The NPB re-examination helped the organization to redefine its consumer target to focus on “creative cooks.” The creative cooks eat 62% of all fresh pork, but they are only in 29% of the households. Unlike beef or chicken, it is a small segment that drives the consumption for fresh pork, notes Snyder.
The creative cooks are comprised of individuals of all ages and ethnicity. As is obvious from the name, the creative cooks enjoy cooking for fun. They eat more meat and also like to try new meal ideas at home. So, the NPB marketing focus is on recipe development and fun ideas in the kitchen. Snyder says, “Inspiring recipes is really what drives them. It is not a health message like some groups.”
For this group, the recipe does not have to be fast and easy. Honestly, Snyder says recipes that are too simple won’t get creative cooks into the kitchen with pork. The creative cooks also follow food trends. Food companies invest millions and millions of dollars trying to predict the next big food trend in the quest to capture a bigger piece of the marketplace pie. Snyder says the food service segment can provide solid leads into the hot food trends. Consumers like to mimic trends in restaurants and in magazines. However, she says, “We want to hit that curve of where food trends are but not too far. There is a little bit of science and art in projecting where food trends will be.”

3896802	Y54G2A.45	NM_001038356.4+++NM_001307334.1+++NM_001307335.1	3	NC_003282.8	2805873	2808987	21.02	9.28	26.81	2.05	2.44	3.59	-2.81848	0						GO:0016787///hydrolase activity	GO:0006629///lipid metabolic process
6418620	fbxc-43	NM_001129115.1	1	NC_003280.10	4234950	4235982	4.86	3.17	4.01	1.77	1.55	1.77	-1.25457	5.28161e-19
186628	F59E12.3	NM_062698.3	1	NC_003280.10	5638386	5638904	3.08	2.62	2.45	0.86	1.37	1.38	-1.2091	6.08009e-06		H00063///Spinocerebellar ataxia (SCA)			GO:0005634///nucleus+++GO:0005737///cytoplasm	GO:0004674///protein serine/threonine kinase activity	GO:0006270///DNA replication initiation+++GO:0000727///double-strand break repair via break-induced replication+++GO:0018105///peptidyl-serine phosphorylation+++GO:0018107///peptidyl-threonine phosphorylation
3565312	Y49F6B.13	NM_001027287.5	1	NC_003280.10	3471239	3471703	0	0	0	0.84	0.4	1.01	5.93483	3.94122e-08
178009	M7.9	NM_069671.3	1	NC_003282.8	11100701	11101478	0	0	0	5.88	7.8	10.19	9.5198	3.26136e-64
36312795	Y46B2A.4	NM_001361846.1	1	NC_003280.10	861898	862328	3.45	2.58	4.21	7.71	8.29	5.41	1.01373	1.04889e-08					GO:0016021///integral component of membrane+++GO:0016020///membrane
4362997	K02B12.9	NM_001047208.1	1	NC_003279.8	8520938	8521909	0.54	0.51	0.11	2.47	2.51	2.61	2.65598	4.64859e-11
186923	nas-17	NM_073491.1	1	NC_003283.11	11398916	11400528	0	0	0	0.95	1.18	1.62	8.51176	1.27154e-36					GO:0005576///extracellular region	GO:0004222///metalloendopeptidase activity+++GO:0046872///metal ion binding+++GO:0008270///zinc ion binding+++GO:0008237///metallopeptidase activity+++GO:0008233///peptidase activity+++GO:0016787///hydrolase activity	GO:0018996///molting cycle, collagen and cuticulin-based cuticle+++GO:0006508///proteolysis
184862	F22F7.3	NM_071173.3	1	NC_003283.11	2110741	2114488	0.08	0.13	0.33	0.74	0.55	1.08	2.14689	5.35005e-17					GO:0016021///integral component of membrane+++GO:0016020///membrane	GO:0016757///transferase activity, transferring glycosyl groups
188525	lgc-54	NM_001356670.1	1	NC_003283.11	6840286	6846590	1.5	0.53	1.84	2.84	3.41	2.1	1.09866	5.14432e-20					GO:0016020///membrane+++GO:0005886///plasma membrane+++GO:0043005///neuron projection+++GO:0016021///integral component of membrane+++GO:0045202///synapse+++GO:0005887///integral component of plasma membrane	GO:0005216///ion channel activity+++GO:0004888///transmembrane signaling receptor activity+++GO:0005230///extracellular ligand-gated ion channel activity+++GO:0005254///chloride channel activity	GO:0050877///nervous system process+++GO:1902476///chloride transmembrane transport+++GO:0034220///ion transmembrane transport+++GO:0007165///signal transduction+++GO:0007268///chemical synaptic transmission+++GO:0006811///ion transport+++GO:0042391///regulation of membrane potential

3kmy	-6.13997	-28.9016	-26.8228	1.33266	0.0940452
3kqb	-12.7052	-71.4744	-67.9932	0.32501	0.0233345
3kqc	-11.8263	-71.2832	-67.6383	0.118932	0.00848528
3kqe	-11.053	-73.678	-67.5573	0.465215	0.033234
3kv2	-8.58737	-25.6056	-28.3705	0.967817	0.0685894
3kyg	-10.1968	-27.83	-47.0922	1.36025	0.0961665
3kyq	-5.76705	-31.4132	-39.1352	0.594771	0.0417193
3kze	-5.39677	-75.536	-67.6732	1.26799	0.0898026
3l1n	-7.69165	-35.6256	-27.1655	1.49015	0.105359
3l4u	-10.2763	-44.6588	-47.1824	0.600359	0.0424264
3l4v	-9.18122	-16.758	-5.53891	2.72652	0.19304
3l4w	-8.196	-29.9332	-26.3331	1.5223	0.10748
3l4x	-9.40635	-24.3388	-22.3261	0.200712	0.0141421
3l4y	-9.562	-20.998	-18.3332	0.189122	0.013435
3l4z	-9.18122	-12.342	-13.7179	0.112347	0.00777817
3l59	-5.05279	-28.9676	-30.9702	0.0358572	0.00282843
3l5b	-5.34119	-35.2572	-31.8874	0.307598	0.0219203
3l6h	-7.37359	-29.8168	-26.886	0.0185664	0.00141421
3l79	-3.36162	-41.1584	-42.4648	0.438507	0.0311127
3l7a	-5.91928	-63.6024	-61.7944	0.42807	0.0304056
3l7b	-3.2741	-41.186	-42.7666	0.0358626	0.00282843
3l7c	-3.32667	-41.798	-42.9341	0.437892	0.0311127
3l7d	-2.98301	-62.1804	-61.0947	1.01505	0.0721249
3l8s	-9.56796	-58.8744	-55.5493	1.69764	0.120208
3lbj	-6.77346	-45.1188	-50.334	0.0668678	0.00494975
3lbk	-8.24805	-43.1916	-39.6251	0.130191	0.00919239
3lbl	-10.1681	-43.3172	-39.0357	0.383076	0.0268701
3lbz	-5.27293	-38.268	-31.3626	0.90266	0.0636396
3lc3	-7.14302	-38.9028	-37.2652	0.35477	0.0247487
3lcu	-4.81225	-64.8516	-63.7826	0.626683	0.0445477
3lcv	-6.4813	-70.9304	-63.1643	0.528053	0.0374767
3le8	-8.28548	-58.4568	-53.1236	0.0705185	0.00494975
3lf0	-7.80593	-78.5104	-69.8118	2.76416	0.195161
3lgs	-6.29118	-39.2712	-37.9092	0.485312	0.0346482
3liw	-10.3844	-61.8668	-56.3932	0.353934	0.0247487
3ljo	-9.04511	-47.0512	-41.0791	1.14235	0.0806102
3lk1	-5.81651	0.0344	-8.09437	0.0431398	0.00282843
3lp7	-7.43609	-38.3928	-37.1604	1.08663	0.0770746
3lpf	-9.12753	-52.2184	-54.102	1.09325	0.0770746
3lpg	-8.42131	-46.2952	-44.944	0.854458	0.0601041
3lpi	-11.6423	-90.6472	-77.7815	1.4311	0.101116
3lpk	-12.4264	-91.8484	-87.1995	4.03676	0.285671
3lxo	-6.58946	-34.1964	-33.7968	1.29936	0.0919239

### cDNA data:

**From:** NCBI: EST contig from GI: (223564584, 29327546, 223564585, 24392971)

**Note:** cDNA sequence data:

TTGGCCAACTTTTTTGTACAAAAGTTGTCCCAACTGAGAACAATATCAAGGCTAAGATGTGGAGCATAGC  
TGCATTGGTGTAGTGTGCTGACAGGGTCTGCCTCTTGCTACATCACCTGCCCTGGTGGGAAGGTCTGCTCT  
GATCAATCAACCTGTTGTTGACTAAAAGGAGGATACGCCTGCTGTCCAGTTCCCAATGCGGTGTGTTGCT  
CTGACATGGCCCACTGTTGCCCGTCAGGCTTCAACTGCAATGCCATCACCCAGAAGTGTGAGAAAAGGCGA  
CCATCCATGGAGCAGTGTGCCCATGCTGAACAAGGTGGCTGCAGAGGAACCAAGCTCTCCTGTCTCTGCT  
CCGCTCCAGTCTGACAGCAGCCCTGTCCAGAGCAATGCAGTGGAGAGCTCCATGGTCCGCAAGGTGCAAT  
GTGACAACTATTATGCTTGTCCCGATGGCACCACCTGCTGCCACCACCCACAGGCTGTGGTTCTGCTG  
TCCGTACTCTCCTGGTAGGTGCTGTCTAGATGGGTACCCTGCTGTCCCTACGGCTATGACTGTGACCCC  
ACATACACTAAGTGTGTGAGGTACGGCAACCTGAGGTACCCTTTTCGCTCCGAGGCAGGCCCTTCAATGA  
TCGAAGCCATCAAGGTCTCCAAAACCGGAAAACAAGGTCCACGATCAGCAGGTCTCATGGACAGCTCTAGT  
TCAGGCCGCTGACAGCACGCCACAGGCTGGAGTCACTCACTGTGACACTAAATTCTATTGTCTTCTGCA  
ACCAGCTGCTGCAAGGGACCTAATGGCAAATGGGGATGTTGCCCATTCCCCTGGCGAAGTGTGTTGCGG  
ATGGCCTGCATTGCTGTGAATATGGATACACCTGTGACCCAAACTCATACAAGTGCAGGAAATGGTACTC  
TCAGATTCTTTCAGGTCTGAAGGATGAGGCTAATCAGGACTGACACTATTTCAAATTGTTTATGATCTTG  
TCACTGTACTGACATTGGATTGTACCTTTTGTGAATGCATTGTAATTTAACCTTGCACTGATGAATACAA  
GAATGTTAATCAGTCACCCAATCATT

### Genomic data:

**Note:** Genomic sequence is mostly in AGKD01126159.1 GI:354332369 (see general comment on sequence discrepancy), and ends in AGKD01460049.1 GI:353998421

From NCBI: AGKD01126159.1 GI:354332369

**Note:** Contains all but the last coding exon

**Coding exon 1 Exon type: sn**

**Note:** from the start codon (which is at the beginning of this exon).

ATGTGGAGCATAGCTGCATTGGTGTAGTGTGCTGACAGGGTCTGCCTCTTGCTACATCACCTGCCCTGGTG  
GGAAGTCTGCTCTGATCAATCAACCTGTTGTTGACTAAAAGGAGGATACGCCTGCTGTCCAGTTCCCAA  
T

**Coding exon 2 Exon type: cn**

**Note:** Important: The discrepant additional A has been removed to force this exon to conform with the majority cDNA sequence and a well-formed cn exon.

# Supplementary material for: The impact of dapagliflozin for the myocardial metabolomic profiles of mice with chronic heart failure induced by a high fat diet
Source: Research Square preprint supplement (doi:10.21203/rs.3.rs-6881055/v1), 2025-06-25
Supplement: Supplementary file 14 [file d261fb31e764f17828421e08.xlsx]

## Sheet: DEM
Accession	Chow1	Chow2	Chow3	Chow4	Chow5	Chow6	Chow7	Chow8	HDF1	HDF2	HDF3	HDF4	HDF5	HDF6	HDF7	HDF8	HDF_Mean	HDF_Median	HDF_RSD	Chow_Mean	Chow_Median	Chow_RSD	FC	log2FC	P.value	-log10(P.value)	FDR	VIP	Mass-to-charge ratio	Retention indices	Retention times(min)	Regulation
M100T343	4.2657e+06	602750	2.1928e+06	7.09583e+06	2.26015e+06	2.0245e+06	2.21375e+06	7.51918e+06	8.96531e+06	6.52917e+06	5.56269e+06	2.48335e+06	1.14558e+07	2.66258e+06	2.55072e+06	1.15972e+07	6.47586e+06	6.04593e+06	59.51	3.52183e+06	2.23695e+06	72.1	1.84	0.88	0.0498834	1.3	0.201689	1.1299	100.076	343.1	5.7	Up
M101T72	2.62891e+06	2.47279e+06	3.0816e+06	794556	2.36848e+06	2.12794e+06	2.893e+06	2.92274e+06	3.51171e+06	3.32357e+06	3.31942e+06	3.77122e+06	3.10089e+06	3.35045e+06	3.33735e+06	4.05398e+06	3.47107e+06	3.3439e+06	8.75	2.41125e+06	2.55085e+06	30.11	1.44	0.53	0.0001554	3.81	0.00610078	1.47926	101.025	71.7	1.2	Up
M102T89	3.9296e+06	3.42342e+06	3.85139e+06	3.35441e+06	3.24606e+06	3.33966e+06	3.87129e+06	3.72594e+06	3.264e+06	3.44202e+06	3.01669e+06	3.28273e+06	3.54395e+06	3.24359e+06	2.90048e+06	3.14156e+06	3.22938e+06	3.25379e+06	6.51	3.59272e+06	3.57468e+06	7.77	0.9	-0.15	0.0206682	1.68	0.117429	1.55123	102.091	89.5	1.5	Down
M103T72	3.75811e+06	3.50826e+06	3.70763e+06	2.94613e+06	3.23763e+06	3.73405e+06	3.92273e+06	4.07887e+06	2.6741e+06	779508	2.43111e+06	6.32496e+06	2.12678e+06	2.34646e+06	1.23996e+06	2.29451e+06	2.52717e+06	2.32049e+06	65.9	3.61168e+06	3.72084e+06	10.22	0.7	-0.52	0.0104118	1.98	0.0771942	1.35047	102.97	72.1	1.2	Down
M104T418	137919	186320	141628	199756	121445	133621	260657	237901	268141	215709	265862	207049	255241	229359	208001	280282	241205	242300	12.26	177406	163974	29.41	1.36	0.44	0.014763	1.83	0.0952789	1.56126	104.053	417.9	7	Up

This group of consumers also likes to share their food experience online. They are very proud of what they cook and like to share on social media. More importantly, Snyder says peers will turn to the creative cook for advice about food.
Interestingly, Snyder says the creative cook consumer group is not overly concerned about anything on the farm. She adds, “Awareness of farm issues is very low. They really want recipes and ideas in the kitchen.”